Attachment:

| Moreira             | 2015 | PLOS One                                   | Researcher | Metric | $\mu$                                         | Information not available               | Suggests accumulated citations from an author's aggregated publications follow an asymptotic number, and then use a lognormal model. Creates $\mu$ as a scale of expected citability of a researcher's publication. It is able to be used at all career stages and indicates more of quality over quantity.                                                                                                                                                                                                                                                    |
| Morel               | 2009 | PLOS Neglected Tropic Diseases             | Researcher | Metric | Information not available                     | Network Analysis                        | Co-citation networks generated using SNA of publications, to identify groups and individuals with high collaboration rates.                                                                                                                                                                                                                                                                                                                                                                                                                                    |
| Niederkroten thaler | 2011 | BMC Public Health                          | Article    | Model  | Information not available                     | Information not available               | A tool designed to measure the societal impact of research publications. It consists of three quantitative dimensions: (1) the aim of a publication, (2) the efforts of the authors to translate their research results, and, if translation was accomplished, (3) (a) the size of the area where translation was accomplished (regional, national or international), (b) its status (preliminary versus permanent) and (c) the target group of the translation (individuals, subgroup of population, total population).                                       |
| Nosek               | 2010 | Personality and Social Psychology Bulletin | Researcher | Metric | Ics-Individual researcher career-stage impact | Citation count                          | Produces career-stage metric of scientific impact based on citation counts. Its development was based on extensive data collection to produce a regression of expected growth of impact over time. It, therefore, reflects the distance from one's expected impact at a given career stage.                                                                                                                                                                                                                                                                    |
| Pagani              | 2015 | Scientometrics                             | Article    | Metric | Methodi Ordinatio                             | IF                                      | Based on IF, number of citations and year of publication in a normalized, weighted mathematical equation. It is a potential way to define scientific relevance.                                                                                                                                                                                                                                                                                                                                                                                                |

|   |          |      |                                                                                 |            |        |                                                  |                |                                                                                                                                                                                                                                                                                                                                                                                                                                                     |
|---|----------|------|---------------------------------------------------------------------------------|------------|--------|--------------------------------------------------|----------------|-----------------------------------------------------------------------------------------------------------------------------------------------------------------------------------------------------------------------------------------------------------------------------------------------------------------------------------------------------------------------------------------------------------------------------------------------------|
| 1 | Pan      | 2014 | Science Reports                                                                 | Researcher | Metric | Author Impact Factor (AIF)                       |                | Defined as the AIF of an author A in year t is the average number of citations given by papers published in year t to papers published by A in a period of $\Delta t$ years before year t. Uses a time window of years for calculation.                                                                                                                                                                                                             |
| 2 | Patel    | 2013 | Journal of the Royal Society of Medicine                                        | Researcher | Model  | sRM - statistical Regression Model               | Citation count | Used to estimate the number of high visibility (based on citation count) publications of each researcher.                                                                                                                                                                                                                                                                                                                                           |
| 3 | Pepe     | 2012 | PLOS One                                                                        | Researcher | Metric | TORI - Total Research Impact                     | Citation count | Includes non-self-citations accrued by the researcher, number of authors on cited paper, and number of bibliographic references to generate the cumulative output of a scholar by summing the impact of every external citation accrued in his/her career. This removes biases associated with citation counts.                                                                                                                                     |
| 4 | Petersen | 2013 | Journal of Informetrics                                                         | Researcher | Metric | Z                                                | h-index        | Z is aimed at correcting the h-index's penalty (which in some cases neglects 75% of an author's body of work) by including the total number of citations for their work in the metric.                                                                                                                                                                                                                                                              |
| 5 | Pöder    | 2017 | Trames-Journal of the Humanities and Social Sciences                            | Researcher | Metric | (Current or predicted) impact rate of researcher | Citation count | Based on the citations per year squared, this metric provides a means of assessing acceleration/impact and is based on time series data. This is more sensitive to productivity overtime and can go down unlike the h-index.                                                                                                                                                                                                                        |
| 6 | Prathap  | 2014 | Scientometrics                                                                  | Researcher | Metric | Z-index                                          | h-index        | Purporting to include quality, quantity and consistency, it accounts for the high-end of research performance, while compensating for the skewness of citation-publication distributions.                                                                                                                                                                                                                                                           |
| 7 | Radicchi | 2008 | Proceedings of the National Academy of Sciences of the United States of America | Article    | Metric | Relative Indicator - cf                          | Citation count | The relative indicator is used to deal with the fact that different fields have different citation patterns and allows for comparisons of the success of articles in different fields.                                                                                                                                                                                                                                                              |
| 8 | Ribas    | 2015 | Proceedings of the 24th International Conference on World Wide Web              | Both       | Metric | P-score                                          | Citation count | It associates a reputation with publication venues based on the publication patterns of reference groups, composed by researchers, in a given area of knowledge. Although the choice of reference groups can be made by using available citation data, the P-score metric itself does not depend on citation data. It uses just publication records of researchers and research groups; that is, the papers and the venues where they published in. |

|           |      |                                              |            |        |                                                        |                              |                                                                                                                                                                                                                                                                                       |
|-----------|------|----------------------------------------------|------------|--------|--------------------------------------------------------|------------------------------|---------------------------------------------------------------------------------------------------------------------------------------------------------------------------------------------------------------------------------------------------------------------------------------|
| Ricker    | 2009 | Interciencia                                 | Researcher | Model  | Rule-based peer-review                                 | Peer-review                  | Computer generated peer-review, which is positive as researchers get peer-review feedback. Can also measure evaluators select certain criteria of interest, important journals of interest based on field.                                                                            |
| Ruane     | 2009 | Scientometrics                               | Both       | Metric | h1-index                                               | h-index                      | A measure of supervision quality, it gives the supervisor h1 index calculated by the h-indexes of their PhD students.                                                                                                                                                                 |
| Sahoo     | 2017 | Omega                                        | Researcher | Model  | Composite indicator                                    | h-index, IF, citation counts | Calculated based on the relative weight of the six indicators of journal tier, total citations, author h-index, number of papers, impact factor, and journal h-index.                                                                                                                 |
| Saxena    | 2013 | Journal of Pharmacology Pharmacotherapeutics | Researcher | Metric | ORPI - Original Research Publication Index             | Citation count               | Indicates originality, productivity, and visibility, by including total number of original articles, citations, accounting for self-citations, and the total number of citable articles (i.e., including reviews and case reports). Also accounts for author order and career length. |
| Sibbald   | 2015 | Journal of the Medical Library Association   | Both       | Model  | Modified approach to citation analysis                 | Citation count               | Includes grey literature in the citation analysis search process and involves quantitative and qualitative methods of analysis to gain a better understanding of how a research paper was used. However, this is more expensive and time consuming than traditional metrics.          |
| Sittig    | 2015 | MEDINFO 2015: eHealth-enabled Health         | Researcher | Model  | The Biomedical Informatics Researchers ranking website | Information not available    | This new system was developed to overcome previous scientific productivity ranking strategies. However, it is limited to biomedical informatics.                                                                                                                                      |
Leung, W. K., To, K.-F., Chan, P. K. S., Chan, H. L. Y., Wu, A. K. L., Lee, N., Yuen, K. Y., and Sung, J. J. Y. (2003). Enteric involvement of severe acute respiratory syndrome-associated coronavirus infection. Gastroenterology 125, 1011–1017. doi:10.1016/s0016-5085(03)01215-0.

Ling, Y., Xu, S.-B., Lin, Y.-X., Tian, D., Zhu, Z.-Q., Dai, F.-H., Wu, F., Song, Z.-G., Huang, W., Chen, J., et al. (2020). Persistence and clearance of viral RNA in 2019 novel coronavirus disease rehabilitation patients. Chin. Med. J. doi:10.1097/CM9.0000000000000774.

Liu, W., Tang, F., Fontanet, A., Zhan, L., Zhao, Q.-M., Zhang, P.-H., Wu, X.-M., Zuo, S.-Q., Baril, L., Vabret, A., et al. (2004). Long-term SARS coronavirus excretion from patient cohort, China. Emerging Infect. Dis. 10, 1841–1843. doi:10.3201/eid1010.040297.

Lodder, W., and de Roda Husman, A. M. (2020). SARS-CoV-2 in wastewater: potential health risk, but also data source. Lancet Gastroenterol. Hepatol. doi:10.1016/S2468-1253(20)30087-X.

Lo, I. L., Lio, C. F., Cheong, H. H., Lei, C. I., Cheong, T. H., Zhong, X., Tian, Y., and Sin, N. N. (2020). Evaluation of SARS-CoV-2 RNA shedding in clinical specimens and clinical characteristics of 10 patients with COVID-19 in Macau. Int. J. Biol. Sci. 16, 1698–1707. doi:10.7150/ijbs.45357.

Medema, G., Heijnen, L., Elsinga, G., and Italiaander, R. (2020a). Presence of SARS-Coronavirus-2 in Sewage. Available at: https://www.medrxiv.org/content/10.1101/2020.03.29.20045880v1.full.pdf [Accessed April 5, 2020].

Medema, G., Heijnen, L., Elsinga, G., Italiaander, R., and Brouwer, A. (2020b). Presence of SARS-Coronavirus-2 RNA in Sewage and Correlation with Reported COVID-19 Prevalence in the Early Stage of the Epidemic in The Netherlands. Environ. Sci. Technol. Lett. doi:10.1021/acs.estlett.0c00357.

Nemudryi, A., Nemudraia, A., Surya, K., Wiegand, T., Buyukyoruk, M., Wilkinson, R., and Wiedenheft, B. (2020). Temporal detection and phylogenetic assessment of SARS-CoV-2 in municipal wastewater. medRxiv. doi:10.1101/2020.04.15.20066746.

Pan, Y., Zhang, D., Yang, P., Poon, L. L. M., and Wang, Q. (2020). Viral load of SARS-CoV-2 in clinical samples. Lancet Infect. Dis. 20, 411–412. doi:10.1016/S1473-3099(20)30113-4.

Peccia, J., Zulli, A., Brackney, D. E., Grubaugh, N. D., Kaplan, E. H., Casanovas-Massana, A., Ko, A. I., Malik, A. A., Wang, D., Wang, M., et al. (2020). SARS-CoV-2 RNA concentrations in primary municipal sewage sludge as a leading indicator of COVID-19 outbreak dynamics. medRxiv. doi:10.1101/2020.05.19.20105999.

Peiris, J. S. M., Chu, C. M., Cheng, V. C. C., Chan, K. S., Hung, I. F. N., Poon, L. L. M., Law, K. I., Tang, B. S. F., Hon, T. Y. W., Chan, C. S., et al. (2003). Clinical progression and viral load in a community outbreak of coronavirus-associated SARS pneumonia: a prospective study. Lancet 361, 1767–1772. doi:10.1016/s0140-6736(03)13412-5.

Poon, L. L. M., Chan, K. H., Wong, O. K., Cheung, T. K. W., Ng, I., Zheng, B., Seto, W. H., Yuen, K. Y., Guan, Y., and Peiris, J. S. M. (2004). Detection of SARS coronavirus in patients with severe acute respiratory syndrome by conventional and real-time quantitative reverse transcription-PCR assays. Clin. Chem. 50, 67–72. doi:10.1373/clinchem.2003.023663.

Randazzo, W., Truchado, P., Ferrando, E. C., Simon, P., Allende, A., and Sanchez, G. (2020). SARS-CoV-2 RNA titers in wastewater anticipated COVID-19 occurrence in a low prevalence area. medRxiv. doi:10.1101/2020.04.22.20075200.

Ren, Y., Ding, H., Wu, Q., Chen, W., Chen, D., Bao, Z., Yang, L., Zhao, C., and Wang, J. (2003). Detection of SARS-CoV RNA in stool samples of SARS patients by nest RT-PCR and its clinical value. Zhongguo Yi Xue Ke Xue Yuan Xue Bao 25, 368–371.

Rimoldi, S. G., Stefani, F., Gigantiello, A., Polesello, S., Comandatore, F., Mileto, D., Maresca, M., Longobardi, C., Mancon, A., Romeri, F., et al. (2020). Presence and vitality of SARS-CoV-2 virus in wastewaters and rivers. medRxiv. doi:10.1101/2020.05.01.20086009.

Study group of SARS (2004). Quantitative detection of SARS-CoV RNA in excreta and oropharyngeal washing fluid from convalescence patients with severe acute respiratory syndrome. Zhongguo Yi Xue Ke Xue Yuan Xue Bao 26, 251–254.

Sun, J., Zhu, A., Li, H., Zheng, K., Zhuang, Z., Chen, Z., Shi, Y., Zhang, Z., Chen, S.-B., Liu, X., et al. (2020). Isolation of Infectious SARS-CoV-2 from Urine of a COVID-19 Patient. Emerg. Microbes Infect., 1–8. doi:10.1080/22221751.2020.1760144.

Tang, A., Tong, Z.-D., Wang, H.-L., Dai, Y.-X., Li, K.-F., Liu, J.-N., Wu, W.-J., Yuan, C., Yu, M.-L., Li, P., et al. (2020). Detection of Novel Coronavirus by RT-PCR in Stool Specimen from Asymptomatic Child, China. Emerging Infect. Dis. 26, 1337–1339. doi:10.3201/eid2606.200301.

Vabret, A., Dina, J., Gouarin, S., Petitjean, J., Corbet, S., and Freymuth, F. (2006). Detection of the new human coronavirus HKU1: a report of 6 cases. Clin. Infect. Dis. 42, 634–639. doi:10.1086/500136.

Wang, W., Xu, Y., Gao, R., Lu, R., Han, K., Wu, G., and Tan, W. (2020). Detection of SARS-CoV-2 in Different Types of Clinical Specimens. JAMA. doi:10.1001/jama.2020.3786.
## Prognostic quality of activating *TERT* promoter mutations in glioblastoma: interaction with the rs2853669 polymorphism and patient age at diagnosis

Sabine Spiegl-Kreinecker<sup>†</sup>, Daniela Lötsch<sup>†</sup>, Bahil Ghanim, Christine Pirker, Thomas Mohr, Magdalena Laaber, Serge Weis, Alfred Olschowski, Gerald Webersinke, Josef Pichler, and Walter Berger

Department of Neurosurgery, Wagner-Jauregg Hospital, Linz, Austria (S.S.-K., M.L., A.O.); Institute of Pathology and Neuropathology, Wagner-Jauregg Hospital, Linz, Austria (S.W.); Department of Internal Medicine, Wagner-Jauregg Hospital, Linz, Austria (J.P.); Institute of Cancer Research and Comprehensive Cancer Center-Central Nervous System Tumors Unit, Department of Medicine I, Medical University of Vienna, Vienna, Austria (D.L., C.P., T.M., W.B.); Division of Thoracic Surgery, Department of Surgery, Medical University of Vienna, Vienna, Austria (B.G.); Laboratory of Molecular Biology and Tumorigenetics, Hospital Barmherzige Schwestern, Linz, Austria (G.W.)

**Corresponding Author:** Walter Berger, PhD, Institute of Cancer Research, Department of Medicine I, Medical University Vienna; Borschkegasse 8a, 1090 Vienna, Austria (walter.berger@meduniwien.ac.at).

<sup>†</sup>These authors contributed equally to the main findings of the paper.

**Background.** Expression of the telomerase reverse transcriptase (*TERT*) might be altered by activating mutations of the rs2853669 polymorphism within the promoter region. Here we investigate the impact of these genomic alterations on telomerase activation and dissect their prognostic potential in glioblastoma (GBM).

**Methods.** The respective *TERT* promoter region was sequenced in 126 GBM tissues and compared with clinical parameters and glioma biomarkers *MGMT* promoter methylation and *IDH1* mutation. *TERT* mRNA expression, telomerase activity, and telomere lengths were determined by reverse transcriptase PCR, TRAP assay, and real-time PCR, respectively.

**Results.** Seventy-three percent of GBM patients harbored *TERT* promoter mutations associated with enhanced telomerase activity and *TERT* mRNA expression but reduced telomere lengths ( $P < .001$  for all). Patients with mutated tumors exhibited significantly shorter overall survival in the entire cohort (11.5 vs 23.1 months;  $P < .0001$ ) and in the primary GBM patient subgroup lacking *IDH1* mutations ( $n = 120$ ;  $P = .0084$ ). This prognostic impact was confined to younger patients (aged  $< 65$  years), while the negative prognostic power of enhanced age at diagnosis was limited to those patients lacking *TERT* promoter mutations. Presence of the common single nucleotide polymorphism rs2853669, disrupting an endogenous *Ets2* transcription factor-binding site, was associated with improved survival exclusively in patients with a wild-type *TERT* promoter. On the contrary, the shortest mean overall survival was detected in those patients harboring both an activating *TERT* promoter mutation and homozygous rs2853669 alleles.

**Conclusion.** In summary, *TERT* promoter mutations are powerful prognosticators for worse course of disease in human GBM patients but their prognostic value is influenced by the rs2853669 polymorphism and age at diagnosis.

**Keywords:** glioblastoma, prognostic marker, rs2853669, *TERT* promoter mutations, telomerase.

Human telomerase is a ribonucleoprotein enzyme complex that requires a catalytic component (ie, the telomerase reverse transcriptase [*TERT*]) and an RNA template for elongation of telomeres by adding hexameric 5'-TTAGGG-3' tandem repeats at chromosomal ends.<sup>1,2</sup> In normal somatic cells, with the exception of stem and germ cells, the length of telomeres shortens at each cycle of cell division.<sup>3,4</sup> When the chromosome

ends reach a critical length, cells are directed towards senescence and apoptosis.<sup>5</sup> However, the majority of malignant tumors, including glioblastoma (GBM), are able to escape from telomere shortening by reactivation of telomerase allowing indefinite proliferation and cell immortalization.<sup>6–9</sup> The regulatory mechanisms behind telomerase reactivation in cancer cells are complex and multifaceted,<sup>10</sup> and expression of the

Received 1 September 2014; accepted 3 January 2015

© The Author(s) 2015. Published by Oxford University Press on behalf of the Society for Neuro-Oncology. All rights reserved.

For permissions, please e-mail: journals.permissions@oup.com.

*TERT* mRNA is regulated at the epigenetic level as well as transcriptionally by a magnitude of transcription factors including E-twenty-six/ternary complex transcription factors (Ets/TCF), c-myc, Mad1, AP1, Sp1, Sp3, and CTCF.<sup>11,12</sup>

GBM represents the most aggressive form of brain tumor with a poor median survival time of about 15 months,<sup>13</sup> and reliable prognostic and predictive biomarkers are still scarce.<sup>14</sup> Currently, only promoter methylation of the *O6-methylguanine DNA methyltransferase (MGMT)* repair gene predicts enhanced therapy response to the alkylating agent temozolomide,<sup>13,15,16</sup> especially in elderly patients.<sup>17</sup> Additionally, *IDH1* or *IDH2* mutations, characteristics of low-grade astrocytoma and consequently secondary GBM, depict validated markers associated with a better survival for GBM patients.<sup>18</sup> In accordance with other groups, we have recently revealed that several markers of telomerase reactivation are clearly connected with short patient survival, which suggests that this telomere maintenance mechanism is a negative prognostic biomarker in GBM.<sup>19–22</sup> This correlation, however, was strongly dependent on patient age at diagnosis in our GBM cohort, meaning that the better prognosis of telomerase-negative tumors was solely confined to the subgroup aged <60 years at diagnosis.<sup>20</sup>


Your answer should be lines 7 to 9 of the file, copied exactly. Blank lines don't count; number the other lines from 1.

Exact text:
|---|----------|------|---------------------------------------------------------------------------------|------------|--------|--------------------------------------------------|----------------|-----------------------------------------------------------------------------------------------------------------------------------------------------------------------------------------------------------------------------------------------------------------------------------------------------------------------------------------------------------------------------------------------------------------------------------------------------|
| 1 | Pan      | 2014 | Science Reports                                                                 | Researcher | Metric | Author Impact Factor (AIF)                       |                | Defined as the AIF of an author A in year t is the average number of citations given by papers published in year t to papers published by A in a period of $\Delta t$ years before year t. Uses a time window of years for calculation.                                                                                                                                                                                                             |
| 2 | Patel    | 2013 | Journal of the Royal Society of Medicine                                        | Researcher | Model  | sRM - statistical Regression Model               | Citation count | Used to estimate the number of high visibility (based on citation count) publications of each researcher.                                                                                                                                                                                                                                                                                                                                           |